In 2015 the UK government announced the introduction of a new `National Living Wage' (NLW) that would apply to those aged 25 and above from April 2016. At a rate of £7.20, this represented a significant increase of 7.5% over the existing National Minimum Wage (NMW) rate. Previous research has generally found, with some exceptions, that the NMW has raised the earnings of low paid workers, without significantly affecting their employment opportunities. The relatively large increase in the wage floor with the introduction of the NLW, and plans to raise the NLW to 60% of median earnings by 2020, raise the possibility of detrimental effects on employment retention and hours worked.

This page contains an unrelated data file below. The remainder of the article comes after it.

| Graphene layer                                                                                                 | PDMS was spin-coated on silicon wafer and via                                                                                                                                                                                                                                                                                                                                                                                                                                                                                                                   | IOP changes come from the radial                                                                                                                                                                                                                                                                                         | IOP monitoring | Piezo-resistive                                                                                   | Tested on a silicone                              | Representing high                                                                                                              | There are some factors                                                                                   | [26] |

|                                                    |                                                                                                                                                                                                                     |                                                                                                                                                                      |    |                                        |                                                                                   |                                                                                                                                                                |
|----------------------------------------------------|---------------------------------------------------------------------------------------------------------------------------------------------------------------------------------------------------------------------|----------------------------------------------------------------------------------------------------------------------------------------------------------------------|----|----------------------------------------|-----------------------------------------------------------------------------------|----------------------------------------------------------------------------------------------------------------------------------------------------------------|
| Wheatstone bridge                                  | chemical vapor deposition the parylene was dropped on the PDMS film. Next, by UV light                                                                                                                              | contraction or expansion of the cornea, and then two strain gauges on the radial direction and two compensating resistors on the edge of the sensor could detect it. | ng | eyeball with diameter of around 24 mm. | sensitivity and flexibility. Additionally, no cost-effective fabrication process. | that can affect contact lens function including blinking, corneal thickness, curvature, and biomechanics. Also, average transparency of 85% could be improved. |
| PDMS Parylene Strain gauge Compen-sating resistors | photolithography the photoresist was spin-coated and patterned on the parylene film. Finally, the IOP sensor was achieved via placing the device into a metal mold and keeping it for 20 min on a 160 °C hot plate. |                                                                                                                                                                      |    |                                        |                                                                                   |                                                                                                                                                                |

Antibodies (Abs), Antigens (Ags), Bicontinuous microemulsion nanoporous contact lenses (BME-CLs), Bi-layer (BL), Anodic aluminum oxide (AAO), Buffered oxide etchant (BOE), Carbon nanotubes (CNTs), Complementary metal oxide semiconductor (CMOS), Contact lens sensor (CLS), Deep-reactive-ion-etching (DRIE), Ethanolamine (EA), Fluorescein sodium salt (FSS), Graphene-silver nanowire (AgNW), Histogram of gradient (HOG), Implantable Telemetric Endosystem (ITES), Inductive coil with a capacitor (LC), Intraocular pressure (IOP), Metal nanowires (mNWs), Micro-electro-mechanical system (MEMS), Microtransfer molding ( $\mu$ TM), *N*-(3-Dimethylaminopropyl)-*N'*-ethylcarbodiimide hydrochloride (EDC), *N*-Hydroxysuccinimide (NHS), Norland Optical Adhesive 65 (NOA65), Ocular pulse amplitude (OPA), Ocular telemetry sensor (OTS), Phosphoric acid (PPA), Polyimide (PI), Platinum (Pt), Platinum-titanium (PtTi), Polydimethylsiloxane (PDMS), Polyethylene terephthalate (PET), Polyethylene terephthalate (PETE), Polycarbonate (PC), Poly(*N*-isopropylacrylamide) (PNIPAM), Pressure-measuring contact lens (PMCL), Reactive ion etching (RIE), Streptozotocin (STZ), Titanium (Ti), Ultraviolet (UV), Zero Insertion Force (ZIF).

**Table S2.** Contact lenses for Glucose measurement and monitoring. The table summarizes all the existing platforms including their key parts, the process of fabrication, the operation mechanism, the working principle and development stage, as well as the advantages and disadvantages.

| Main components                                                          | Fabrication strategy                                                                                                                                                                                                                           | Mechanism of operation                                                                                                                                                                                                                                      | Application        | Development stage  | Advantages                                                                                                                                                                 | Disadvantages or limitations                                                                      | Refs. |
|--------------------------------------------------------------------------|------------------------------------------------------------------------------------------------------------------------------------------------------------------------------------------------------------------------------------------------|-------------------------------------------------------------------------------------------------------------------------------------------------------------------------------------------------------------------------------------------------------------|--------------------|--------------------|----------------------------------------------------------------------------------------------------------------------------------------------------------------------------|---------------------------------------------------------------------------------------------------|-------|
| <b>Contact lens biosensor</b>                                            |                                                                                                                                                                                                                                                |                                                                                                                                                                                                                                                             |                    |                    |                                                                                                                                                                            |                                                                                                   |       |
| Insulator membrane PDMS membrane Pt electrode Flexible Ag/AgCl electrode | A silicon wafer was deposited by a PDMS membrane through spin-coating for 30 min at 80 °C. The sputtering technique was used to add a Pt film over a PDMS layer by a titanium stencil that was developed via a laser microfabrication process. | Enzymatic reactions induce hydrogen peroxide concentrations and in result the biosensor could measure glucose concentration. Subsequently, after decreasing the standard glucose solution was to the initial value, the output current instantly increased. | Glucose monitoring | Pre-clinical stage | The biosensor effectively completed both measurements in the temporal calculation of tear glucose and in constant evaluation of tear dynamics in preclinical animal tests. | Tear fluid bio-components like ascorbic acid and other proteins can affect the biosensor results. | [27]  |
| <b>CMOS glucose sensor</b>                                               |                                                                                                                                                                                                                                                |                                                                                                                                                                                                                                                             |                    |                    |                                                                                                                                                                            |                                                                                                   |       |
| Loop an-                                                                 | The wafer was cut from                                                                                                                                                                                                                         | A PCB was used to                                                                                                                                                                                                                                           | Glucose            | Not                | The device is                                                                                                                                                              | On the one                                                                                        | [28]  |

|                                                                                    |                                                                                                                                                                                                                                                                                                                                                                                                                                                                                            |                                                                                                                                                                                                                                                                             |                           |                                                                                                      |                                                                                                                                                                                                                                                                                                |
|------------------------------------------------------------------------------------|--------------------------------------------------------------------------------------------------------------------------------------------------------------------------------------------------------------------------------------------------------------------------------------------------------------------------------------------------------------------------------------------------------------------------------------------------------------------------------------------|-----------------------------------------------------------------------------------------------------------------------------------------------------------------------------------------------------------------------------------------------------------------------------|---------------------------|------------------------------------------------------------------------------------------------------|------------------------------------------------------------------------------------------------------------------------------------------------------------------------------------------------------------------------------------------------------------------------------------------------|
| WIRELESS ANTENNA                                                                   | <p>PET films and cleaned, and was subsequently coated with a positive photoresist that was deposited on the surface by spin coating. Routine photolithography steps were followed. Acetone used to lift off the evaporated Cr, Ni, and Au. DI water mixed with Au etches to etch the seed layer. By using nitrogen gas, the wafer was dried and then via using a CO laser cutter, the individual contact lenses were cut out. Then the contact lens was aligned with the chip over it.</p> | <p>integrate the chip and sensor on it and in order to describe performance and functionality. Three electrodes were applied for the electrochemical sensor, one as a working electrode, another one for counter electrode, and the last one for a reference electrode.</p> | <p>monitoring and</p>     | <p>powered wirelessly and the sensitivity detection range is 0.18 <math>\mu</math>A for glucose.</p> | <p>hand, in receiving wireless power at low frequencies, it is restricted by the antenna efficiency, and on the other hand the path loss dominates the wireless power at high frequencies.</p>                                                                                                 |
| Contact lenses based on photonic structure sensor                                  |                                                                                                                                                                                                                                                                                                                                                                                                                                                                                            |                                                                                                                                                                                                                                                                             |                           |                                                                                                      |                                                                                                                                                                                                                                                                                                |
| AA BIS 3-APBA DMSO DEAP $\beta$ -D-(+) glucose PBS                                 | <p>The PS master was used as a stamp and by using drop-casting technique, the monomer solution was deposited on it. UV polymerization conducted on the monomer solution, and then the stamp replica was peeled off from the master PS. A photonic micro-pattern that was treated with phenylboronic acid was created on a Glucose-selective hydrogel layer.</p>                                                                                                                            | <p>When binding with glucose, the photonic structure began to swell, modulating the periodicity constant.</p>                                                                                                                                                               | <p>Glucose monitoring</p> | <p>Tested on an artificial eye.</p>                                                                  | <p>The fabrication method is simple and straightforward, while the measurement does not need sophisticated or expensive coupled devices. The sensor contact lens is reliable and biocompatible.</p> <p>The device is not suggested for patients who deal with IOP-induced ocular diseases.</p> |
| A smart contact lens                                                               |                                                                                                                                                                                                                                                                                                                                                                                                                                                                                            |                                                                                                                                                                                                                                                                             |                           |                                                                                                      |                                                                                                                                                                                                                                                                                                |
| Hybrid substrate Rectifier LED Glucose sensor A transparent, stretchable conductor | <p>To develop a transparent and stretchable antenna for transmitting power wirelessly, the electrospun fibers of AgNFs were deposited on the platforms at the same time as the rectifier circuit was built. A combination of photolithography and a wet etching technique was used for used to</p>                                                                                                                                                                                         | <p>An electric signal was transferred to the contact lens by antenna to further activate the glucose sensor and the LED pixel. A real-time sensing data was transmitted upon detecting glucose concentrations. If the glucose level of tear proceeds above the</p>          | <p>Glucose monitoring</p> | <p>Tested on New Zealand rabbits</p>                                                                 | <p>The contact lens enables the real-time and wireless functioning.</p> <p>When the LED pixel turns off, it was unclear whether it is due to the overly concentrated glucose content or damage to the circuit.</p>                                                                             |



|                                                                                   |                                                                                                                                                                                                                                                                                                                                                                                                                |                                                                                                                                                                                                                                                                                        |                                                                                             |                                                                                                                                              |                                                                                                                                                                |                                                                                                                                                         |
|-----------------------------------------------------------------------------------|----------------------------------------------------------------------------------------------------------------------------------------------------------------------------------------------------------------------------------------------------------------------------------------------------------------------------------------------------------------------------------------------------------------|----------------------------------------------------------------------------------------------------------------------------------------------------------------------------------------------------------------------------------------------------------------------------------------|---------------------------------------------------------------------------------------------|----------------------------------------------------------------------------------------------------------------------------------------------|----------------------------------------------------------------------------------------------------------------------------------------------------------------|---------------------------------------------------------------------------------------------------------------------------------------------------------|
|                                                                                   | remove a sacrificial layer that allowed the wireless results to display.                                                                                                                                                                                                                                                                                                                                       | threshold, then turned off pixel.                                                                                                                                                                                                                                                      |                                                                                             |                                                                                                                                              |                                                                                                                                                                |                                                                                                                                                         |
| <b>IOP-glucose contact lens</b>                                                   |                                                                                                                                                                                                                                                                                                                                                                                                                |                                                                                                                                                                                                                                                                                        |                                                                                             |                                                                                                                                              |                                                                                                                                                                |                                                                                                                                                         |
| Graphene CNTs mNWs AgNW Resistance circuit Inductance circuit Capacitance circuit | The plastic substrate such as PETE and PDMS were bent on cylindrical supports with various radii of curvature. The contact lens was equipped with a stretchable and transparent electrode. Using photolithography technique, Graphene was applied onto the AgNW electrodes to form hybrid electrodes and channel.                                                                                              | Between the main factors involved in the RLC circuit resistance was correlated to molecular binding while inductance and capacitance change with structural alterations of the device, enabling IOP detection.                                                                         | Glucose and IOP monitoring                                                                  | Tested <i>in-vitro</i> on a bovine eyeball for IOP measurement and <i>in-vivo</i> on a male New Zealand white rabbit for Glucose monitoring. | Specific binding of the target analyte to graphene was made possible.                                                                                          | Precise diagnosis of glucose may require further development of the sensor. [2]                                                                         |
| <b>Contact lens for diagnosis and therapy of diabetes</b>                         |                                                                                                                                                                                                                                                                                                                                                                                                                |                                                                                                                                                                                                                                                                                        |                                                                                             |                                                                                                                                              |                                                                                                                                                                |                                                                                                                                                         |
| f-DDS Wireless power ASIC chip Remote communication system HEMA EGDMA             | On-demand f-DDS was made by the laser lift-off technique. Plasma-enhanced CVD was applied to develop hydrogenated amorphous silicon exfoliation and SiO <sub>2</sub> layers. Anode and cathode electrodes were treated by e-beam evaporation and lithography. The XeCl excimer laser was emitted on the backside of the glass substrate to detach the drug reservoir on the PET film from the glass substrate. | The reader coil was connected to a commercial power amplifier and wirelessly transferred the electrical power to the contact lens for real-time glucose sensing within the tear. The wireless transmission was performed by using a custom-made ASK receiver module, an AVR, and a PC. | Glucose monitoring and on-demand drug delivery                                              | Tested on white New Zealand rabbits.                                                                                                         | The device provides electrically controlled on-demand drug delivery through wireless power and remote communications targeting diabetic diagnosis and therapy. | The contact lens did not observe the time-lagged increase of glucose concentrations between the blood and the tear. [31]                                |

In this report for the Low Pay Commission we use a difference-in-differences approach and data from the Annual Survey of Hours and Earnings to examine the effects of the NLW introduction and April 2017 uprating on employment retention and hours worked. Overall we nd that recent NLW upratings have increased wages for the low paid with generally little adverse effect on employment retention. However, consistent with previous research, we do and some evidence of adverse effects on the employment retention rates of women working part-time. We also find evidence of a reduction in employment retention for some of the lowest paid workers in the retail industries.
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